Supernovae, Gamma-ray Bursts and Compact Objects
Massive stars end their lifes in gigantic explosions, supernovae. Sometimes these explosions also result in gamma-ray bursts. The end results are newly synthesized elements, neutron stars and black holes.
At our department we study both the explosion itself and the radiation resulting from the interaction with the surrounding medium. A well-studied example is SN 1987A. The gamma-ray bursts are even more energetic and can be observed across the Universe.
The remnants in the form of a neutron star or a black hole often give rise to radiation in the radio, X-ray and gamma-ray ranges. This is caused by the material accreted onto the compact object. We study these phenomena by ground based telescopes, satellites and balloon instruments.
A related research area at the department is the use of supernovae for cosmology and the study of the cosmic acceleration.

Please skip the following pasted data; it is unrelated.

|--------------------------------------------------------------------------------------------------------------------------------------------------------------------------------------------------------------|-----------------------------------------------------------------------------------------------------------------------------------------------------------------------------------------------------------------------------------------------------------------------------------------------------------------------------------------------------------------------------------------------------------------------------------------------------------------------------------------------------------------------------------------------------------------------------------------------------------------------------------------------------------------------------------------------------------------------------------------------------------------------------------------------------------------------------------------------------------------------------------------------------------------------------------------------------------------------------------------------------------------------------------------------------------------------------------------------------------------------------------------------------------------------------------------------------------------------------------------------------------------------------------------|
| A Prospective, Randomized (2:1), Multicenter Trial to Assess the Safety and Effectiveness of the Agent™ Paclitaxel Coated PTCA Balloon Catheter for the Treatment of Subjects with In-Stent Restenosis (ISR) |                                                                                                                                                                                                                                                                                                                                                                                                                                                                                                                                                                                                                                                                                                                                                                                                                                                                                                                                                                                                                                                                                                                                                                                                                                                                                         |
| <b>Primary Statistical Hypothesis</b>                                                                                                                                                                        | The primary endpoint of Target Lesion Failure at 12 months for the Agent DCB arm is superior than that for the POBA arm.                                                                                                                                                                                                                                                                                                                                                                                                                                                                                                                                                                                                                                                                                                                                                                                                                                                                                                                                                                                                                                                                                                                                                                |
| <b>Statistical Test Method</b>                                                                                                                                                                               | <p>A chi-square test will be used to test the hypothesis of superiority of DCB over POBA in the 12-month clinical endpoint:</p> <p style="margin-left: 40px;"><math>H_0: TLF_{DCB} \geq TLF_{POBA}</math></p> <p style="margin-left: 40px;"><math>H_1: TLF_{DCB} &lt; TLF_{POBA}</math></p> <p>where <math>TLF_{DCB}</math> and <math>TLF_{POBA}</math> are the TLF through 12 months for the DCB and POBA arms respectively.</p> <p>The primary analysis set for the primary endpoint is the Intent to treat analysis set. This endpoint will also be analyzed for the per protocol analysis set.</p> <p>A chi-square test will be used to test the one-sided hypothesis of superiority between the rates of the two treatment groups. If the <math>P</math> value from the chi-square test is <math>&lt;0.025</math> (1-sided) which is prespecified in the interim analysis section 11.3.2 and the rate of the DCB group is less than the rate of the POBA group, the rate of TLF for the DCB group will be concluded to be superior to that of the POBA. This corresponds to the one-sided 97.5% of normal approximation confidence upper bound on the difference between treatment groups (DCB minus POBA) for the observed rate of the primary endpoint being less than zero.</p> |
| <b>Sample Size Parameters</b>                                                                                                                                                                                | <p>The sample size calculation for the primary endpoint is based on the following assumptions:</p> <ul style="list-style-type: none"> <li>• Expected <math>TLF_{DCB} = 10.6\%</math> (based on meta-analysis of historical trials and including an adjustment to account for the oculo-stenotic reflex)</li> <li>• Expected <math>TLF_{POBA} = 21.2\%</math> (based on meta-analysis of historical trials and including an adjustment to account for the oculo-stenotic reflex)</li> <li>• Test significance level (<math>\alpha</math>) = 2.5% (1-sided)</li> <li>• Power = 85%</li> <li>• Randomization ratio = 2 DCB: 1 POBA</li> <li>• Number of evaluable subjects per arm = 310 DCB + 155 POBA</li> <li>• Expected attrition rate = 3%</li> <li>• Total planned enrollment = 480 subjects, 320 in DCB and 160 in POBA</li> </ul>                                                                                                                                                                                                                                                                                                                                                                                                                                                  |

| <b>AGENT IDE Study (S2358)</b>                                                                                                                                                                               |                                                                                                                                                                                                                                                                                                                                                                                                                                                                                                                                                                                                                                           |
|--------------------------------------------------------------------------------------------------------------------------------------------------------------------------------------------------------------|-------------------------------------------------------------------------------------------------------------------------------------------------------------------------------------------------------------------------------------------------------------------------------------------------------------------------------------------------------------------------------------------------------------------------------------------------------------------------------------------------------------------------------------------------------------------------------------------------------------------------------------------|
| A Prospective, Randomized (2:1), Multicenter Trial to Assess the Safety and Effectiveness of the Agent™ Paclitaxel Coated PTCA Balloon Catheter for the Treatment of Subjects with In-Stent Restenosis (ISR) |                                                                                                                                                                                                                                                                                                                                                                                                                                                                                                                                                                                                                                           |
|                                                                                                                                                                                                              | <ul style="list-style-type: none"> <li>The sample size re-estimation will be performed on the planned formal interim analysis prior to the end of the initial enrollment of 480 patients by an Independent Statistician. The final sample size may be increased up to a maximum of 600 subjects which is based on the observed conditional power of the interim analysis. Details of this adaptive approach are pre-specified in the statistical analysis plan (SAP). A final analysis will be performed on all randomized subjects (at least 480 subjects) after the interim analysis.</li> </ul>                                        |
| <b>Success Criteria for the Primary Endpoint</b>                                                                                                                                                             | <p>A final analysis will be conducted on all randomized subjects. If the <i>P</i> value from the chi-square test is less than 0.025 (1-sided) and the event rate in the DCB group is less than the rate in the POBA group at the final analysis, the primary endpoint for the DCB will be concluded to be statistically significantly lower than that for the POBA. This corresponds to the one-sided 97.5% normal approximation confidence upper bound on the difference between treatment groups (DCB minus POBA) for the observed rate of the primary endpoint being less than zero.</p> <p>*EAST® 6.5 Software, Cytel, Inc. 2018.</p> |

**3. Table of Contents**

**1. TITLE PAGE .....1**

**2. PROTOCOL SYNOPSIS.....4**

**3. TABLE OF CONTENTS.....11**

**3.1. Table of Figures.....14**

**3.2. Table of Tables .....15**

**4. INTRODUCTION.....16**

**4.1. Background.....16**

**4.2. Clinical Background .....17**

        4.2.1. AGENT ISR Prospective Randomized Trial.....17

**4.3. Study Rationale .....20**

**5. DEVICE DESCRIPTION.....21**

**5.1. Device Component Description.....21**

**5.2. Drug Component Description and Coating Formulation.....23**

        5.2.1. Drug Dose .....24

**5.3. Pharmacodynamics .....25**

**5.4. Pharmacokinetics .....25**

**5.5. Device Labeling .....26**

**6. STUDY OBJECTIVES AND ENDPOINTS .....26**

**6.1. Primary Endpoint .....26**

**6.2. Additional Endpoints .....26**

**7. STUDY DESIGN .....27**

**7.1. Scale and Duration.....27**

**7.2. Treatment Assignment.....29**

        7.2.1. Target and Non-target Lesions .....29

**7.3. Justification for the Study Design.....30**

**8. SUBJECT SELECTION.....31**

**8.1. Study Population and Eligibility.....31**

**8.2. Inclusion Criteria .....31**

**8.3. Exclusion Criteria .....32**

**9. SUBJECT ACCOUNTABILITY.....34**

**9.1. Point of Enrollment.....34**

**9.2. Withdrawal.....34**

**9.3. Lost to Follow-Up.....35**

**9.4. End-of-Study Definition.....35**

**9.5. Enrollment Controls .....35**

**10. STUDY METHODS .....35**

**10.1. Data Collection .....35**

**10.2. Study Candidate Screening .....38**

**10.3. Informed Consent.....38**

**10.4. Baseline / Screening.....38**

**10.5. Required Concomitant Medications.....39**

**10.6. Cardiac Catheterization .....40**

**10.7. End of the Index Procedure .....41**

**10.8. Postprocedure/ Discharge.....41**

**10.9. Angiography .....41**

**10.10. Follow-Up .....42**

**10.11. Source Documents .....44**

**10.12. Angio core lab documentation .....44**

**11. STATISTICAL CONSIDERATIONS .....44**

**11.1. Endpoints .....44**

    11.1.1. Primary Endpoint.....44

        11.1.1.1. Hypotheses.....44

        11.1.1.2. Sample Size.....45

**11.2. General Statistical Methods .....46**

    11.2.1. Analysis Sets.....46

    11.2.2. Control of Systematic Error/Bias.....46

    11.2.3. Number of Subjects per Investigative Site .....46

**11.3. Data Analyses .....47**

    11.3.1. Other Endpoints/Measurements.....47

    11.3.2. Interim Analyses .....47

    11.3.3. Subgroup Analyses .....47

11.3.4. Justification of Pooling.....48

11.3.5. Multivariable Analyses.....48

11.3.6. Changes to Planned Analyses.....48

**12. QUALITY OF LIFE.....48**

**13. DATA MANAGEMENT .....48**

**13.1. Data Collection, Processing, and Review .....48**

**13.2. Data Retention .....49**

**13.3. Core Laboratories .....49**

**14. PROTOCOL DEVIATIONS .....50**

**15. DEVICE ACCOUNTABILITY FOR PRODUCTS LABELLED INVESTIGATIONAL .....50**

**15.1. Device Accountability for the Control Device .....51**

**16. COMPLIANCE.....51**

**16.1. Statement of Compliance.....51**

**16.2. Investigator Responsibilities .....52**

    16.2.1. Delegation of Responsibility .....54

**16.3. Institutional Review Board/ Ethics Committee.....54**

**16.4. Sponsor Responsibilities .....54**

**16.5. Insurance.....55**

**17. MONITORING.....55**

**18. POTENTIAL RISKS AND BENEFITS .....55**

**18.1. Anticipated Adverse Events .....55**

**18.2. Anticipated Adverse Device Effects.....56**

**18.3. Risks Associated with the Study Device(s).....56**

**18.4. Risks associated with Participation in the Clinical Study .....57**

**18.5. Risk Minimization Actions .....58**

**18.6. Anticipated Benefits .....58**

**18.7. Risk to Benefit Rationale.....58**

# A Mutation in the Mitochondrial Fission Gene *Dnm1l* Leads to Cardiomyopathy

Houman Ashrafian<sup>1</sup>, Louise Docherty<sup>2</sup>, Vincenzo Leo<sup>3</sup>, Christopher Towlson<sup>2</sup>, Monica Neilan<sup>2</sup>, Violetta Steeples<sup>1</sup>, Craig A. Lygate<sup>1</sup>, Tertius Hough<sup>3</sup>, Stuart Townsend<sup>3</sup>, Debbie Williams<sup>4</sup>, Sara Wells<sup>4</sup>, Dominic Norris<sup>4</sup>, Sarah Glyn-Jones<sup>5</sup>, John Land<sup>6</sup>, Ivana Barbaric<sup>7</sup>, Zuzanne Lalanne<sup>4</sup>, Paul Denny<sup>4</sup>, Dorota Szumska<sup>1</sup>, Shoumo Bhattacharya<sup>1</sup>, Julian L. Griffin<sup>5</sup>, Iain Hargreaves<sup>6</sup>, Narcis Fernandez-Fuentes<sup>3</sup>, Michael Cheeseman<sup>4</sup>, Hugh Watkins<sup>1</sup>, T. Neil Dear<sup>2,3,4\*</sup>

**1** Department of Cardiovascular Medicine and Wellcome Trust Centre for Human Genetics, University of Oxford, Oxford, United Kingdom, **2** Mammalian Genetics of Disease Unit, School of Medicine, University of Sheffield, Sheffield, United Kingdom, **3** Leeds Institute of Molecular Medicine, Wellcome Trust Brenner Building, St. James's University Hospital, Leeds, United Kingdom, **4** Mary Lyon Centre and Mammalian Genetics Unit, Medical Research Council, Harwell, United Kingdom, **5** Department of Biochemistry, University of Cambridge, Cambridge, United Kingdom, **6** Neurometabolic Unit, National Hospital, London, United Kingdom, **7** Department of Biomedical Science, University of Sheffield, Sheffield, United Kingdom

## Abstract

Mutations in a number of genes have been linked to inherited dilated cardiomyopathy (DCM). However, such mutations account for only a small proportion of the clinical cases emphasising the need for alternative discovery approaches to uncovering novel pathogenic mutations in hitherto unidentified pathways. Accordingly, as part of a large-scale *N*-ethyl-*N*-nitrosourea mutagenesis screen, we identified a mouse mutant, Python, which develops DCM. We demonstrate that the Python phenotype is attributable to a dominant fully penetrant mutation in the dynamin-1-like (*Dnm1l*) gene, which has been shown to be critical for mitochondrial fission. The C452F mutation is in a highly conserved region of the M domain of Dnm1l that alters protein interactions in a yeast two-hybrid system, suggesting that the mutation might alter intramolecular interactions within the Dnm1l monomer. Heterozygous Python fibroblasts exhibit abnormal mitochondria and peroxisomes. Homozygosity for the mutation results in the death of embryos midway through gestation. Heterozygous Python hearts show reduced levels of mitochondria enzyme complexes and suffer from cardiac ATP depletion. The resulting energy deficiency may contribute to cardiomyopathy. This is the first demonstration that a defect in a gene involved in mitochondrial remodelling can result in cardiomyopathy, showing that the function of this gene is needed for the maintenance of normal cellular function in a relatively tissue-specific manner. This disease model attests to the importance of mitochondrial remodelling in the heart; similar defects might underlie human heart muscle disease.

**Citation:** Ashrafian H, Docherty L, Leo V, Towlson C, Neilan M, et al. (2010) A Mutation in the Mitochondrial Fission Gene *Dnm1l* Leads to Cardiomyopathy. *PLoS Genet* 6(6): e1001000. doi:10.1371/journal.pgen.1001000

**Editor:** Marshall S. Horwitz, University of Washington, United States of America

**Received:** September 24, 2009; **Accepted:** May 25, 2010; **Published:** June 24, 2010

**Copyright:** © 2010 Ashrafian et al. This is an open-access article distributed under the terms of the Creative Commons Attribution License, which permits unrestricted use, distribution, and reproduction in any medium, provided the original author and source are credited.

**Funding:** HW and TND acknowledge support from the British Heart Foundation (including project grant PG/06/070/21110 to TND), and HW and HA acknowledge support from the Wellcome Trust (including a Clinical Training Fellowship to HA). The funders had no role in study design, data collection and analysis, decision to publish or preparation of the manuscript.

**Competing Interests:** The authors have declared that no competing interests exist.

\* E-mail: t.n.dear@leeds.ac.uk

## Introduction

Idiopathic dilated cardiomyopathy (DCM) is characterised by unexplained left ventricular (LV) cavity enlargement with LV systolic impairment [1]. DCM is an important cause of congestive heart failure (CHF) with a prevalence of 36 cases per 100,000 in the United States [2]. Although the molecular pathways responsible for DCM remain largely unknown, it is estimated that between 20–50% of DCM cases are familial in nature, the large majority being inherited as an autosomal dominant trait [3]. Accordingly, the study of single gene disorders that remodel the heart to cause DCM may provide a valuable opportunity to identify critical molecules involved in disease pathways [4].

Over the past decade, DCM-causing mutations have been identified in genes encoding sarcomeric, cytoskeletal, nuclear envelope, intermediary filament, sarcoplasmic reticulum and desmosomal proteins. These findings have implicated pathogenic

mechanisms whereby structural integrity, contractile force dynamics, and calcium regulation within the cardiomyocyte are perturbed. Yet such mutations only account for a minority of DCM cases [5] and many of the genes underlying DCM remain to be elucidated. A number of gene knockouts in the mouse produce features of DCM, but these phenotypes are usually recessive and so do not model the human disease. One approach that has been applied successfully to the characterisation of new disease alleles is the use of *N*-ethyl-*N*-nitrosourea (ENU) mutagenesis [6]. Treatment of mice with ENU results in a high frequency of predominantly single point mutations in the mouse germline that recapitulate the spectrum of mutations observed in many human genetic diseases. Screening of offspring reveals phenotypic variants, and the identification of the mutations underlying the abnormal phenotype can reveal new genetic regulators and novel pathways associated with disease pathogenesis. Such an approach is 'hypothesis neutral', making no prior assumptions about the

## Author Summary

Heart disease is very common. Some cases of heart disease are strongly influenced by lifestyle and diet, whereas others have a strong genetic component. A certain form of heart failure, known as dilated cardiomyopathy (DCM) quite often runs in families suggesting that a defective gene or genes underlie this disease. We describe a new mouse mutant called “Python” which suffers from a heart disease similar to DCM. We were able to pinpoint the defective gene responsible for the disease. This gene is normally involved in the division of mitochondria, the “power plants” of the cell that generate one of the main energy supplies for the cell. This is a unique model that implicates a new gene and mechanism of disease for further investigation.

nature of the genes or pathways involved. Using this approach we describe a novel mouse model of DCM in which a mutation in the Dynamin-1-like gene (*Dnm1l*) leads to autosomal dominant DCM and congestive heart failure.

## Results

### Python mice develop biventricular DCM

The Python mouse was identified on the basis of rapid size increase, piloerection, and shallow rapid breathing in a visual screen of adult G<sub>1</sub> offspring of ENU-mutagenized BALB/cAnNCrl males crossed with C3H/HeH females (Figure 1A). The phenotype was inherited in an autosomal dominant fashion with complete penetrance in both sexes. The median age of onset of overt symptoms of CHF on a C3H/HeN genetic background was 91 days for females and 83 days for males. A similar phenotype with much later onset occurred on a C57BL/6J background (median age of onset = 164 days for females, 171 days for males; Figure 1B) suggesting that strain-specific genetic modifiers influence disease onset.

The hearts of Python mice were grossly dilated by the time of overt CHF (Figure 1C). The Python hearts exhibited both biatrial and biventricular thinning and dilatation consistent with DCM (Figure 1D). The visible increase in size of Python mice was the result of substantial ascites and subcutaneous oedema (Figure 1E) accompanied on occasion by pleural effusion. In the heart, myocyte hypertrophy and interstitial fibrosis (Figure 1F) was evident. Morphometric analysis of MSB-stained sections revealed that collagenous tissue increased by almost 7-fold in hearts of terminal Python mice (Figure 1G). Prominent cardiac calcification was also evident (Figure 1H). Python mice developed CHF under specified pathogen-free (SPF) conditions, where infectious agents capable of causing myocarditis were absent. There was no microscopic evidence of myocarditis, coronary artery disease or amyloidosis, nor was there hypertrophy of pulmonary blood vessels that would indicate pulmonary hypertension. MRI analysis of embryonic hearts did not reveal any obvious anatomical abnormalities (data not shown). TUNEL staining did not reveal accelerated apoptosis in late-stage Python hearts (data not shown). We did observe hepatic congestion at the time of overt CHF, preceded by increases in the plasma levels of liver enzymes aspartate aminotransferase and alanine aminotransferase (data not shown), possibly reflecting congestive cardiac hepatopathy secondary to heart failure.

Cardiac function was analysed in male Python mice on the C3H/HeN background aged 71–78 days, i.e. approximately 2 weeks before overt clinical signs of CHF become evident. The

Much of this research is performed in collaboration with the Physics departments at Stockholm University and the Royal Institute of Technology (KTH) in the strong research environment of the Oskar Klein Centre.
For contact information, please visit our .
September 20, 2012
Page editor: Bengt Larsson
Source: Department of Astronomy
- 4 PhD positions in astronomy 2017-03-30
- The Swedish Research Council has granted support to the GREAT research environment 2017-03-03
- Open position: Postdoctoral Fellow in Extragalactic Astronomy 2017-02-20
- New Research Council grants for astronomy 2017-01-17
- Daniel Mortlock, new guest researcher at the department 2016-10-10